The Case – Under Fire


Abie and Joey hired a driver, to be paid per hour, to tour around Israel. Touring from Northern Israel towards the south they stopped at many of the regular tourist attractions. Upon their arrival in Tel Aviv, they were shocked when blaring sirens went off and their driver immediately forced them to evacuate the car and head for the closest bomb shelter in a nearby building. They spent nearly six hours in the shelter before they were able to resume their travels. The lengthy delay was due to a missile that landed only a few yards from their shelter. Upon arrival at their destination the driver requested payment for the six hours they were delayed in the bomb shelter. Abie and Joey were appalled that the driver had the audacity to request payment for an emergency stop that was beyond their control. The driver insisted that he was hired per hour and is entitled to his pay.

Is the driver entitled to payment for the time spent in the bomb shelter? How should the Bet Din rule and why?

Torah Law

According to the ruling of the Shulhan Aruch, a worker is not entitled to his wages if he is unable to labor due to circumstances beyond control. Hence, in instances in which both the employer and his employee were unable to anticipate the sudden turn of events that led to the cancelled employment, the employer is exempt of all liability. If, however, the employer was aware of the potential turn of events and did not inform his worker, the employer is responsible to pay the employee for his lost job opportunity.

Leading halachic authorities debate whether an employee is entitled to his wages in the event a war or national disaster is the cause of unemployment. On the one hand, since the employee did not labor on account of an unforeseen event, he is not entitled to pay. On the other hand, according to some halachic authorities a national disaster is viewed as the misfortune of the employer. Since an employer is in a position of authority, he is required to bear the misfortune of war and is responsible to compensate his employee with at least partial payment.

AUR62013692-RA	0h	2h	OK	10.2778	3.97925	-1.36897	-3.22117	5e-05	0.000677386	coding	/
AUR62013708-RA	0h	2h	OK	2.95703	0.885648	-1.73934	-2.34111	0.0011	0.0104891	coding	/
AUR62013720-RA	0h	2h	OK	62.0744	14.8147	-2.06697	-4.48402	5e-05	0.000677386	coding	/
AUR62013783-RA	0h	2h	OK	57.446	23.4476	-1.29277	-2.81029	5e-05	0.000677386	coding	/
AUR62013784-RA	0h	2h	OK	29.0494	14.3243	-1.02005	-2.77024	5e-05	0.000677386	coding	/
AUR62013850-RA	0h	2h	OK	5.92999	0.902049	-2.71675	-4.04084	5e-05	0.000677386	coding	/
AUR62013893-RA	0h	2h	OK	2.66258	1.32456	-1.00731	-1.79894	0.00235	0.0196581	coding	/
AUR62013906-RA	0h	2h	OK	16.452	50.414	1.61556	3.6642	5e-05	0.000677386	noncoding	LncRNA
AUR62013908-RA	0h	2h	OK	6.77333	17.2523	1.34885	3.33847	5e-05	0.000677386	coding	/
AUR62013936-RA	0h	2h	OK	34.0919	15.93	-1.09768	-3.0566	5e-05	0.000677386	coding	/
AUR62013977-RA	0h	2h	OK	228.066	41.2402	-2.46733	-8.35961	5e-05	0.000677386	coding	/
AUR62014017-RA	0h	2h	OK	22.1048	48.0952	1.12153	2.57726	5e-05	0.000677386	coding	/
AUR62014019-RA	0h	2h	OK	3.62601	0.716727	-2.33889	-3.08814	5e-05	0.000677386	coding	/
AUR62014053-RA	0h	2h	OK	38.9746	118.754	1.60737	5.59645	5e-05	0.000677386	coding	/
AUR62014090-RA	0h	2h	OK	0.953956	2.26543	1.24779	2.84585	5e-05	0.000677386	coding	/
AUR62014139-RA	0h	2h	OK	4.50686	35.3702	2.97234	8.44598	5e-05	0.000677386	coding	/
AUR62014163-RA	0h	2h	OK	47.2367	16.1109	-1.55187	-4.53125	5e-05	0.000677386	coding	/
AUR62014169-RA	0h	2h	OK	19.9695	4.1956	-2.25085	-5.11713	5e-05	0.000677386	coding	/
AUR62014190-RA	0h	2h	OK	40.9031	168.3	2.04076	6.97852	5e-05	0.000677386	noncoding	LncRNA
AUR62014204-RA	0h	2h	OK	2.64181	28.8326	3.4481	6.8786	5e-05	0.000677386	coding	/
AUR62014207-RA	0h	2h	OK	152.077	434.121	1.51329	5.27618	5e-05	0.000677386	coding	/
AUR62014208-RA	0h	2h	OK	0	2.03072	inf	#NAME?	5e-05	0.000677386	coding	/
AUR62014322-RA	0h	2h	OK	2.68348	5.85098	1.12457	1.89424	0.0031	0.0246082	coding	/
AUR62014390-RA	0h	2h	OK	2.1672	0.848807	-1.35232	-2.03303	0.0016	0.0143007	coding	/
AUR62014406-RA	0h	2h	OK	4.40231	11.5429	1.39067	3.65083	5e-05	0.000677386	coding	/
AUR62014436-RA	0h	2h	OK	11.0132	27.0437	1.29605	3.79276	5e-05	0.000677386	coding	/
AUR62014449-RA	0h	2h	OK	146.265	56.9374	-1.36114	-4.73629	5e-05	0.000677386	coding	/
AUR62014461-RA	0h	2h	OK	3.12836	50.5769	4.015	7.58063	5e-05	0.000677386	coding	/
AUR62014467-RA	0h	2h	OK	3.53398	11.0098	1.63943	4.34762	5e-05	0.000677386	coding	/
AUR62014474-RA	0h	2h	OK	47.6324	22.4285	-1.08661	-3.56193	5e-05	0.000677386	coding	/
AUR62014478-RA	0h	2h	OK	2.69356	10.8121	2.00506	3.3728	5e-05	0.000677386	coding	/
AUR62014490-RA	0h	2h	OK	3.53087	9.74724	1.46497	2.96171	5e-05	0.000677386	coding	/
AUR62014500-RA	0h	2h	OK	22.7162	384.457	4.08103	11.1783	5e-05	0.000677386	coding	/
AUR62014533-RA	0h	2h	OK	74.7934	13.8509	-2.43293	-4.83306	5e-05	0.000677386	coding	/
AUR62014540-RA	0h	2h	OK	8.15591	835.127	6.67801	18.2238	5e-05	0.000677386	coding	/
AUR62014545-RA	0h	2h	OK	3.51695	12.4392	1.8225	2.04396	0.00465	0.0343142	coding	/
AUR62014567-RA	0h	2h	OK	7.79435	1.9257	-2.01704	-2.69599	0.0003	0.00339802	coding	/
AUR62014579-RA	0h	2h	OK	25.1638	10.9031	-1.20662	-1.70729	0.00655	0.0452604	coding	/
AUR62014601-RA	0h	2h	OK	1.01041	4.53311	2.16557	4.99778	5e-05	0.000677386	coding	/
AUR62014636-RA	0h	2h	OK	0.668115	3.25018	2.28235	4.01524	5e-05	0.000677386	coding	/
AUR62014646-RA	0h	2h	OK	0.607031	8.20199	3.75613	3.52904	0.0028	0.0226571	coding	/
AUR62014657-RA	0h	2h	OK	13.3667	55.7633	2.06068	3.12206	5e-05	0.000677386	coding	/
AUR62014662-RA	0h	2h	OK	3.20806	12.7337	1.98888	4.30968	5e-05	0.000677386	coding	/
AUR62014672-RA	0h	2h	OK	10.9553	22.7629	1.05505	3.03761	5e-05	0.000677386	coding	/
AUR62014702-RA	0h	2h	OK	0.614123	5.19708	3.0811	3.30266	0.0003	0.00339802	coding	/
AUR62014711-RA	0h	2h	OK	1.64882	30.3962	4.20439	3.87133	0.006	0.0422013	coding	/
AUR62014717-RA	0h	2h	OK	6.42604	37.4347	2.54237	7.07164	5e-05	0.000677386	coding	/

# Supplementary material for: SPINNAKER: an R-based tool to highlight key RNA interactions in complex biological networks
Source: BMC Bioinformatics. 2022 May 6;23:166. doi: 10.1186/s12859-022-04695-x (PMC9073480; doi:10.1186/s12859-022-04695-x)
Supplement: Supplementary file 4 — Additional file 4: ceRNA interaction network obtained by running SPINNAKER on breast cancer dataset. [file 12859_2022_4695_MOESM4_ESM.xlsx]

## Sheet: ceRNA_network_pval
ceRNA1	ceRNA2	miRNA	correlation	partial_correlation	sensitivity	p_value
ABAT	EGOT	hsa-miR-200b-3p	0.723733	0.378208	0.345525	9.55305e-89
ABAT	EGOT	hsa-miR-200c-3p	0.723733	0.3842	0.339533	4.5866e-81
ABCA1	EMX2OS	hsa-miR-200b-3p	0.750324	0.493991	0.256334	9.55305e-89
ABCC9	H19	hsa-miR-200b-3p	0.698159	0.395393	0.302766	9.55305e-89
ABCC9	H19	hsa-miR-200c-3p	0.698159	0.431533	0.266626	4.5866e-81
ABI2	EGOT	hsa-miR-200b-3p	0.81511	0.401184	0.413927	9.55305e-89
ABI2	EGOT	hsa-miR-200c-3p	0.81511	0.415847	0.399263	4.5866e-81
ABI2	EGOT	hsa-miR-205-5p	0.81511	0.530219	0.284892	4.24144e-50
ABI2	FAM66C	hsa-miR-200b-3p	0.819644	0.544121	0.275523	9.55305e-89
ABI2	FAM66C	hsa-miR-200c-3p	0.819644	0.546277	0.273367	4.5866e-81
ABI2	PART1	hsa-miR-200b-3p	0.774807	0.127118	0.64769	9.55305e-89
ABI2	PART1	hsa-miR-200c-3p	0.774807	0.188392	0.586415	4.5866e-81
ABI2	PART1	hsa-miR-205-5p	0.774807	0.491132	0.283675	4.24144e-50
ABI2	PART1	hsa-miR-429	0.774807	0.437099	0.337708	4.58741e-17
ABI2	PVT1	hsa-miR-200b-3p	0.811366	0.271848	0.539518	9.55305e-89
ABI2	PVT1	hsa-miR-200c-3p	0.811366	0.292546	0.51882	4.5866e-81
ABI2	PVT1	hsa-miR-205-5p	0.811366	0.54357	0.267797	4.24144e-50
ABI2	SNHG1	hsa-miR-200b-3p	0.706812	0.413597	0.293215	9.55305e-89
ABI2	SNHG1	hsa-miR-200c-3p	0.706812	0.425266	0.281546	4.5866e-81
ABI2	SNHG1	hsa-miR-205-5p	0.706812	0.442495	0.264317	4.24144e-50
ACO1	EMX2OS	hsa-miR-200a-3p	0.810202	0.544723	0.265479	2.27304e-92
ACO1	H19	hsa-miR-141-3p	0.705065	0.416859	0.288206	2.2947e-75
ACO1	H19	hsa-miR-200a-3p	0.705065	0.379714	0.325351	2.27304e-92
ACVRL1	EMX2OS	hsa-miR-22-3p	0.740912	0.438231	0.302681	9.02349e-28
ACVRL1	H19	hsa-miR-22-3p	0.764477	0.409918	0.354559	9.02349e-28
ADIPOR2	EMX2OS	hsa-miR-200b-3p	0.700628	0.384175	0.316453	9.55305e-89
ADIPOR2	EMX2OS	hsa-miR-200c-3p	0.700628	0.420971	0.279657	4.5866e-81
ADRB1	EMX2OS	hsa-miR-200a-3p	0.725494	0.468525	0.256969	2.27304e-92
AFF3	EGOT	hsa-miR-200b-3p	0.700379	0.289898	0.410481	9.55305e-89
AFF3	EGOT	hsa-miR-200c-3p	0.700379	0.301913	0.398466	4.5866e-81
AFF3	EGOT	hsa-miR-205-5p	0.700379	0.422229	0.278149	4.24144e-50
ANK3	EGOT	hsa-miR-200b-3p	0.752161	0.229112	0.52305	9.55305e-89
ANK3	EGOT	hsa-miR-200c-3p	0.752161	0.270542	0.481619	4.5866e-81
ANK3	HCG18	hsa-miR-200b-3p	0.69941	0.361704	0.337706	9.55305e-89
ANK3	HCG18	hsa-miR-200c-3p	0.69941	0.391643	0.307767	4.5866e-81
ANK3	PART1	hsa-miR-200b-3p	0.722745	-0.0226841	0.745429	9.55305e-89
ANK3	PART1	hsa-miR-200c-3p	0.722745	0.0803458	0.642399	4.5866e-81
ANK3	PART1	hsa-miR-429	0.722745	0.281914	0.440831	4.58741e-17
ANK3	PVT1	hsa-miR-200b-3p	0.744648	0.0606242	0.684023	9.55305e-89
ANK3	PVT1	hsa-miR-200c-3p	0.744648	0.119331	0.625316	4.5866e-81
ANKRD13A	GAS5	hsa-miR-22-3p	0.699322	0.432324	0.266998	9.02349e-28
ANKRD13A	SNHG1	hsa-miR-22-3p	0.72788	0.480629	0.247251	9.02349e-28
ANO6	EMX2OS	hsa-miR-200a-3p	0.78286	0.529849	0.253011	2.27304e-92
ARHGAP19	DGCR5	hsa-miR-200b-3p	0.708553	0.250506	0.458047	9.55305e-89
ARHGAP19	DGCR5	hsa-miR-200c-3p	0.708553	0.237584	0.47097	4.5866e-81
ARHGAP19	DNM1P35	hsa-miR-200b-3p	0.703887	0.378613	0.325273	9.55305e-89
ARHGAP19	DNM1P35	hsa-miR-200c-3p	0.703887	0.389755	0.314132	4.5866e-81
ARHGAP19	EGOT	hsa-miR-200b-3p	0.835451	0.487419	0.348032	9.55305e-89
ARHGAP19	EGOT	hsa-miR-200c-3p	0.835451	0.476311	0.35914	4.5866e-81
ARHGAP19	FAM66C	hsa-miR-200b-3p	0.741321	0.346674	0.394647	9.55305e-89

Additionally, halachic authorities debate the cancellation status of a hired driver who is providing access to a wagon or vehicle.

Some authorities legally view the rental of the vehicle independent of its driver. Although one price was given for both the driver and the car, nevertheless, upon cancellation, each factor is addressed separately. Hence, according to this view, although the driver is not entitled to collect payment in circumstances beyond control, he is entitled to payment for the rental of his car. After all, one who rents a car is responsible for payment regardless of whether he was able to drive the car or not. A national disaster or war is not grounds to absolve a party from payment for a rented car.

Other authorities view the hiring of a driver with a car as a standard employee agreement. The car is part of the employment package and is not viewed independently. Hence, a hired driver that is cancelled due to circumstances beyond control is not entitled to payment even for the rental of the car.

In short, there are multiple reasons to provide a driver of a car with partial payment for the time suspended due to a national disaster. Although many halachic opinions differ, nevertheless, a peaceful settlement in this situation is highly advisable.

VERDICT: Cease Fire

Although by letter of the law, Abie and Joey are absolved from payment, our Bet Din appealed to them to partially compensate the driver for his lost time. As mentioned in Torah law, halachic authorities rule that a driver or any type of employee unable to provide service due to an unforeseen event is not entitled to payment. According to numerous authorities this ruling applies even in the event of a national disaster. Hence, by law, Abie and Joey are absolved of liability. Nevertheless, some authorities view a national disaster differently than a standard unforeseen event. According to this view, Abie and Joey (the employers) are required to pay the driver for his lost time. Additionally, some halachic authorities require Abie and Joey to pay specifically for access to the car for the duration of the attack. Although Abie and Joey are in possession of their funds and may rely on the former view, we nevertheless suggested that Abie and Joey pay for two of the six hours of lost time. The two complied and a peaceful settlement was achieved.


Cryptocurrency Strikes Again

Jerry regularly managed his brother-in-law’s financial portfolio and earned a modest commission from the profits generated. The operating agreement between them stipulated that Jerry was required to receive explicit authorization before each investment. Jerry was instructed and authorized to invest $100,000 in a certain stock. Jerry deviated from his instruction and without authorization directed $10,000 of the monies to purchase a cryptocurrency. Much to Jerry’s delight his cryptocurrency purchase earned an astronomical sum of over $60,000 in profit. Jerry, concerned with the volatility of the coin, immediately sold out and the $10,000 investment along with its profits were credited to the business account. Jerry informed his brother-in-law of the good fortune earned and suggested that they split the profits of the $10,000 investment. Jerry explained that since he was responsible for the funds in case of loss, he is entitled to at least fifty percent of the profits. The brother-in-law rejected Jerry’s claim with a wave of his hand and rebuked him for his illegal activity.

Is Jerry entitled to half the profits? If not, is he entitled to his commission? How should the Bet Din rule and why?